US 7308889 B2
A high-pressure fuel system supplies gaseous fuel to an internal combustion engine. Gaseous fuel pressure within the system is at least 17 MPa during normal operation. The system comprises a number of components and conduits and at least one resilient member for sealing at an interface between two components. The resilient member consists essentially of thermoplastic polyurethane. A corresponding method provides sealing between components containing gaseous fluids at pressures that can be above 17 MPa, in which the gaseous fluids routinely undergo rapid reductions in pressure. The method comprises disposing a resilient member, which consists essentially of thermoplastic polyurethane, at an interface between the components. Gas pressure fluctuations can occur during operation of the components or when the high-pressure gas is vented from the components upon shut down of the high-pressure system. A particularly suitable application for the present method is high-pressure gaseous fuel supply systems for internal combustion engines.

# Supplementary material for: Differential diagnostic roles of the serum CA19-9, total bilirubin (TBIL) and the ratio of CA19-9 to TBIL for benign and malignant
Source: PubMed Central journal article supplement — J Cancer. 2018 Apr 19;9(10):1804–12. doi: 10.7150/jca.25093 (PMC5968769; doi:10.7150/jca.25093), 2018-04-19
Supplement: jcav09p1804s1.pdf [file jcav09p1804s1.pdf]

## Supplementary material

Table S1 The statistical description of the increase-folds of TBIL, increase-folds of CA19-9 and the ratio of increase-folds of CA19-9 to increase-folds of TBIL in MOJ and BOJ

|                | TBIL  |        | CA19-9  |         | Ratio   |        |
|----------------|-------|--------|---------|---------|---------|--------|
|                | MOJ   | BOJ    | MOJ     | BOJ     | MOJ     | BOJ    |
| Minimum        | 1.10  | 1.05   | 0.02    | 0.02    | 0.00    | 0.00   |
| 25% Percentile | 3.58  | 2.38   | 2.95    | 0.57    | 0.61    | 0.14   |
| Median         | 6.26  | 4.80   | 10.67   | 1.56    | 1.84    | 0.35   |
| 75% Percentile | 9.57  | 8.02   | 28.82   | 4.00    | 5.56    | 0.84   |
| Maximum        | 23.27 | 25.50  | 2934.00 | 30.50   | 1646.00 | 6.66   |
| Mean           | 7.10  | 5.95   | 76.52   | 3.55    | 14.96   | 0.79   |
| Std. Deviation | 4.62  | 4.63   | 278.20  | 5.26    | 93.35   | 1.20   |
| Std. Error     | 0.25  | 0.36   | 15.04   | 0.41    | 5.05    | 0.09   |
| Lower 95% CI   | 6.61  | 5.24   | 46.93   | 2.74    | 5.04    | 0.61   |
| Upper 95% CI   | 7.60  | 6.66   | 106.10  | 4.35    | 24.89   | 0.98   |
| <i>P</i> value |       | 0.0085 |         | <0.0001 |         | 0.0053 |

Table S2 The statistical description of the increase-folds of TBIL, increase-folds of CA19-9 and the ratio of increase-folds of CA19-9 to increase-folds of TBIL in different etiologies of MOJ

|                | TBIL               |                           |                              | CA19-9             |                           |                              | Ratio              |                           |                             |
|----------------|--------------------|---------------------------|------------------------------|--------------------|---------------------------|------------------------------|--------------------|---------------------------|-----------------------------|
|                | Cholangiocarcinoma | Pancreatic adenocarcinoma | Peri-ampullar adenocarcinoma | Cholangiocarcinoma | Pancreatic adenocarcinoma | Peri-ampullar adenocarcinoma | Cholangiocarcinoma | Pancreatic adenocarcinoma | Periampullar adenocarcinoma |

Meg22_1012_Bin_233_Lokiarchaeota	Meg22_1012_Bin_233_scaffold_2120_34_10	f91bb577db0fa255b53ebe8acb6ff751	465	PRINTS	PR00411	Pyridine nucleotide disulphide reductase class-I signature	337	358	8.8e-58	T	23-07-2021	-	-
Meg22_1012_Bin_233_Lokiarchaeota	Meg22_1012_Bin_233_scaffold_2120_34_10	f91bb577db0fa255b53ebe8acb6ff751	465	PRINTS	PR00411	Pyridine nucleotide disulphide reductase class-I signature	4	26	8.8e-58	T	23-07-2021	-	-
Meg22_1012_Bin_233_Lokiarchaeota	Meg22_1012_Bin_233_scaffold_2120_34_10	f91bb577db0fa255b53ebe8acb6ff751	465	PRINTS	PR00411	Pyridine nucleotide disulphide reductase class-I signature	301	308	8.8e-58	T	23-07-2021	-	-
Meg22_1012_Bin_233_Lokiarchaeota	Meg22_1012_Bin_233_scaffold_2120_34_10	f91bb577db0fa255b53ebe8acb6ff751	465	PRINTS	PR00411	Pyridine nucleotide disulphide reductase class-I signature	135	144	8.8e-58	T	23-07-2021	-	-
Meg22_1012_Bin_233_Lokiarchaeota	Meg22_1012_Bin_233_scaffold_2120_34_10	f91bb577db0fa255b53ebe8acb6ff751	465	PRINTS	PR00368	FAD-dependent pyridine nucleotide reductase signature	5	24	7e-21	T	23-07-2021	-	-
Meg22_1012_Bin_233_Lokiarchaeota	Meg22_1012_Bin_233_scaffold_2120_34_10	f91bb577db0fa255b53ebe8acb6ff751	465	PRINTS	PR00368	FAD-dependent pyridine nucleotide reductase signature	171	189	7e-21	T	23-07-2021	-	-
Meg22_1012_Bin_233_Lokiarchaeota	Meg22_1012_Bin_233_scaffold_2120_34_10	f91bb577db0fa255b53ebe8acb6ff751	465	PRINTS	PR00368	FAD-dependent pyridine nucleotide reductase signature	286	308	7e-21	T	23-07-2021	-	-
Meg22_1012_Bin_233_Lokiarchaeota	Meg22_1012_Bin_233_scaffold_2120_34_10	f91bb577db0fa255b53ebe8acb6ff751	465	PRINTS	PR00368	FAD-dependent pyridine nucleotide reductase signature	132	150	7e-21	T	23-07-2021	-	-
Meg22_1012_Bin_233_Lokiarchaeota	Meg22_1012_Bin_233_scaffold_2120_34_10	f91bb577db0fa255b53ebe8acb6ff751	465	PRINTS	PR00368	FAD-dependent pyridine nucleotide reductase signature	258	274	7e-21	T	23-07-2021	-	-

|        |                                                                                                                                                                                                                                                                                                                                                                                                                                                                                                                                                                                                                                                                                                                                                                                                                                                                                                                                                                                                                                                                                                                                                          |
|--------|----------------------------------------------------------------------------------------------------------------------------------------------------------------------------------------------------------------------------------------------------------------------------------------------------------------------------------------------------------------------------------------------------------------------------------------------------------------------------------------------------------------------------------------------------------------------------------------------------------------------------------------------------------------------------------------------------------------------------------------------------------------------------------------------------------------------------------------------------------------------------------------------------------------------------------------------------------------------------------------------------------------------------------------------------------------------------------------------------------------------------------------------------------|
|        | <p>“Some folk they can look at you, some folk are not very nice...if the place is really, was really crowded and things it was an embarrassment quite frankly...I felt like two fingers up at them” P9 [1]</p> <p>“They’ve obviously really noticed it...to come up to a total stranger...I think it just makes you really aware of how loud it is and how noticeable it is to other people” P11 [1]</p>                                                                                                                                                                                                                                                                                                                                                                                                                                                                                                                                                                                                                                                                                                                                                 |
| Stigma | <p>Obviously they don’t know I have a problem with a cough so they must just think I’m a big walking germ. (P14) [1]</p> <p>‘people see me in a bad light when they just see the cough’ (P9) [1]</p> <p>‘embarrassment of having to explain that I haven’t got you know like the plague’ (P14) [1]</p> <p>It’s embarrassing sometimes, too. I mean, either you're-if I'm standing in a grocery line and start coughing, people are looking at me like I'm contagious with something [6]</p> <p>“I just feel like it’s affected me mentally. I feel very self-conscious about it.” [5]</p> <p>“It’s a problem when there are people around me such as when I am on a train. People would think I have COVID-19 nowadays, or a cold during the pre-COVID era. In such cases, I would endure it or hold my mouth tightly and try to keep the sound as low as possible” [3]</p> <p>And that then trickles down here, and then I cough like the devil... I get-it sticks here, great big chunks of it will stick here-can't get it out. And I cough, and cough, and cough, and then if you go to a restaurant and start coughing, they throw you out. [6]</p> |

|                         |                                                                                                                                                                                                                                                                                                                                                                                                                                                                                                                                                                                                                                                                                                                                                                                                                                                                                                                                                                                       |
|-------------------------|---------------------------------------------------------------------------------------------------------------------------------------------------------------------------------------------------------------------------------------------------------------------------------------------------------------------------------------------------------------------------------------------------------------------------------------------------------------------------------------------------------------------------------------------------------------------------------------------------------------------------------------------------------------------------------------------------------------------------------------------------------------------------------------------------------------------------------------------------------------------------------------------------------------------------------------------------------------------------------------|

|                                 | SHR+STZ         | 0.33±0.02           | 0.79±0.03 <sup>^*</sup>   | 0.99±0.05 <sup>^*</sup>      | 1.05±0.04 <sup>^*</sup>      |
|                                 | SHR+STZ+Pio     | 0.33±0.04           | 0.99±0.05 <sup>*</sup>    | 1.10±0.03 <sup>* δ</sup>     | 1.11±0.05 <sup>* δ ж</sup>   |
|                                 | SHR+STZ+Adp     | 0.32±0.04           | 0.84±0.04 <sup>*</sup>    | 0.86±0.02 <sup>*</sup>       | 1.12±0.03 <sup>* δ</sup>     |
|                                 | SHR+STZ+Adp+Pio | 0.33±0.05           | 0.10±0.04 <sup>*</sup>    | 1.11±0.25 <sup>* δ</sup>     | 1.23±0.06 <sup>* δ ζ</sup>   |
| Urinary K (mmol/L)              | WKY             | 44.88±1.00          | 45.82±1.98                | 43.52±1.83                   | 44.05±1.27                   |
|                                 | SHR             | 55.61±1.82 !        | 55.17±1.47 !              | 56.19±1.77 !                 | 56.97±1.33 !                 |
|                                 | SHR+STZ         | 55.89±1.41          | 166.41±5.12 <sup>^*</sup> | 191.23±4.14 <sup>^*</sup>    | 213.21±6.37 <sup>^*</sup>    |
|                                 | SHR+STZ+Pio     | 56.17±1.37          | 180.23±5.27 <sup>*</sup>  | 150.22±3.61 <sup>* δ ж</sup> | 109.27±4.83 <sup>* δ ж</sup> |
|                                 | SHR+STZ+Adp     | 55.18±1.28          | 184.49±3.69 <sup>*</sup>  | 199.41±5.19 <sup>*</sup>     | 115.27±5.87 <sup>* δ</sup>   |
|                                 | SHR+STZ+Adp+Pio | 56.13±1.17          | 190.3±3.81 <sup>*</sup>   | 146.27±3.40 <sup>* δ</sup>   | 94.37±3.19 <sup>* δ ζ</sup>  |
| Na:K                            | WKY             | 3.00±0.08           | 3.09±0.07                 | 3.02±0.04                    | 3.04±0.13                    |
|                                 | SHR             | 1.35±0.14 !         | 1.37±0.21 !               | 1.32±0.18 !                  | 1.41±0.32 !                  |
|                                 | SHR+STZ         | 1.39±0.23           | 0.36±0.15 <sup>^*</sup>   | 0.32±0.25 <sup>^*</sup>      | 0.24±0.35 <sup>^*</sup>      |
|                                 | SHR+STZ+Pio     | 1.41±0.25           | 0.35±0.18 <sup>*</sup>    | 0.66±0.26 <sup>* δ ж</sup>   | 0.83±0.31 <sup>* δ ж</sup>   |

1. A fuel system for supplying a gaseous fuel to an internal combustion engine, said system comprising a thermoplastic polyurethane material provided at an interface between two components of said system or between parts of one of said components for sealing therebetween, wherein said components comprise:
(a) a pressure increasing module;
(b) a fuel conditioning module;
(c) a fuel injection valve for injecting said fuel directly into a combustion chamber of said internal combustion engine; and
(d) conduits for conveying said gaseous fuel from said pressure increasing module to said fuel conditioning module, and from said fuel conditioning module to said fuel injection valve, wherein said conduits can be separate components or integral to an engine part, including other ones of said fuel system components.
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This application is a continuation of International Application No. PCT/CA2004/001667, having an international filing date of Sep. 10, 2004, entitled “High Pressure Gaseous Fuel Supply System For An Internal Combustion Engine And A Method Of Sealing Connections Between Components To Prevent Leakage Of A High Pressure Gaseous Fuel”. International Application No. PCT/CA2004/001667 claimed priority benefits, in turn, from Canadian Patent Application No. 2,441,641 filed Sep. 23, 2003. International Application No. PCT/CA2004/001667 is hereby incorporated by reference herein in its entirety.